Louder than words polymer

Toops on PCDaily

This small, haunting mosaic brooch by Cynthia Toops kept drawing me back to it. The image is of Sharbat Gula, the Afghan girl whose portrait was featured on the cover of National Geographic in 1985. She became known as the Afghan Mona Lisa and her photograph inspired millions to support the refugee effort.

Cynthia reinterpreted the famous photograph in a 2″ x 1 1/4″ polymer micro mosaic for an exhibit called Louder Than Words at Facere Gallery in Seattle. She embeds thread-like, pre-baked bits of color into an unbaked polymer background to recreate the photo image.

Cynthia also rendered the Tianamen Square photo in polymer for the exhibit which featured jewelry that spoke louder than words. Her beautifully detailed work reminds us how powerful and exquisite polymer can be! Cynthia’s new self-published portfolio of her latest works is a treasure too.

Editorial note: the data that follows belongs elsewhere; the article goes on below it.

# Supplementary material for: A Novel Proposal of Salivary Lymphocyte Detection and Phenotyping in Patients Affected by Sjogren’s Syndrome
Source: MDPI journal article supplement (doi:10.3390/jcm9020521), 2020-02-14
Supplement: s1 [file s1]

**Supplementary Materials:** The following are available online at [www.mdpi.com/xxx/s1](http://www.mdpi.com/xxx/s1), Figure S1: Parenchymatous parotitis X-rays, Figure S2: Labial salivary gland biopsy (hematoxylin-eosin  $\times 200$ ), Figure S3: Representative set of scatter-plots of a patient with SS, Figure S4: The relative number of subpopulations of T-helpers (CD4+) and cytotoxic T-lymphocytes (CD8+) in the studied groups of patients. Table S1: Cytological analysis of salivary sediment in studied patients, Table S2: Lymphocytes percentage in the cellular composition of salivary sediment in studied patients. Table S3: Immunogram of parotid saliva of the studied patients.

Wireworked polymer

Ponsawan Silaparuti knows how to turn storm clouds into lovely jewels. Wire forms have captured her attention and she’s discovered some tricks to sketching outlines by bending and twisting lightweight wire and then giving the image dimension by filling in with polymer.

The polymer is often carved, faceted and further embellished. She’ll be teaching this pendant in a Rain Cloud class that combines her latest methods at the June L’Atelier conference in Indiana.

Ponsawan’s productivity and drive are impressive and you can see the results on Facebook and Flickr. (Her Flickr site is also loaded with mouthwatering pictures of Thai food.)

Ponsawan’s tutorial site is a treasure trove of some of her earlier tricks and tips. You have to scroll back to find some oldies-but-goodies like her famous easy flower canes and bubble beads.

Hope your skies are clear this weekend!

Polymer painted eggs

Kapono on PCDaily.com

Polymer eggs, chicks and bunnies have been popping up online which means we’re closing in on Easter. Have a look at this lushly covered egg by Missouri’s Chris Kapona (Mandarin Moon).

She makes her bejeweled creations using small polymer balls, twisted snakes, a few textures and accent paint. In effect, she doodles with clay.

Chris tells a cautionary tale about how she nearly ruined it all by buffing the baked piece with new, unwashed denim. Plus she adds a few other tips. She’s also active on DeviantArt, Etsy and Facebook.

See through polymer

Neumeier on PCDaily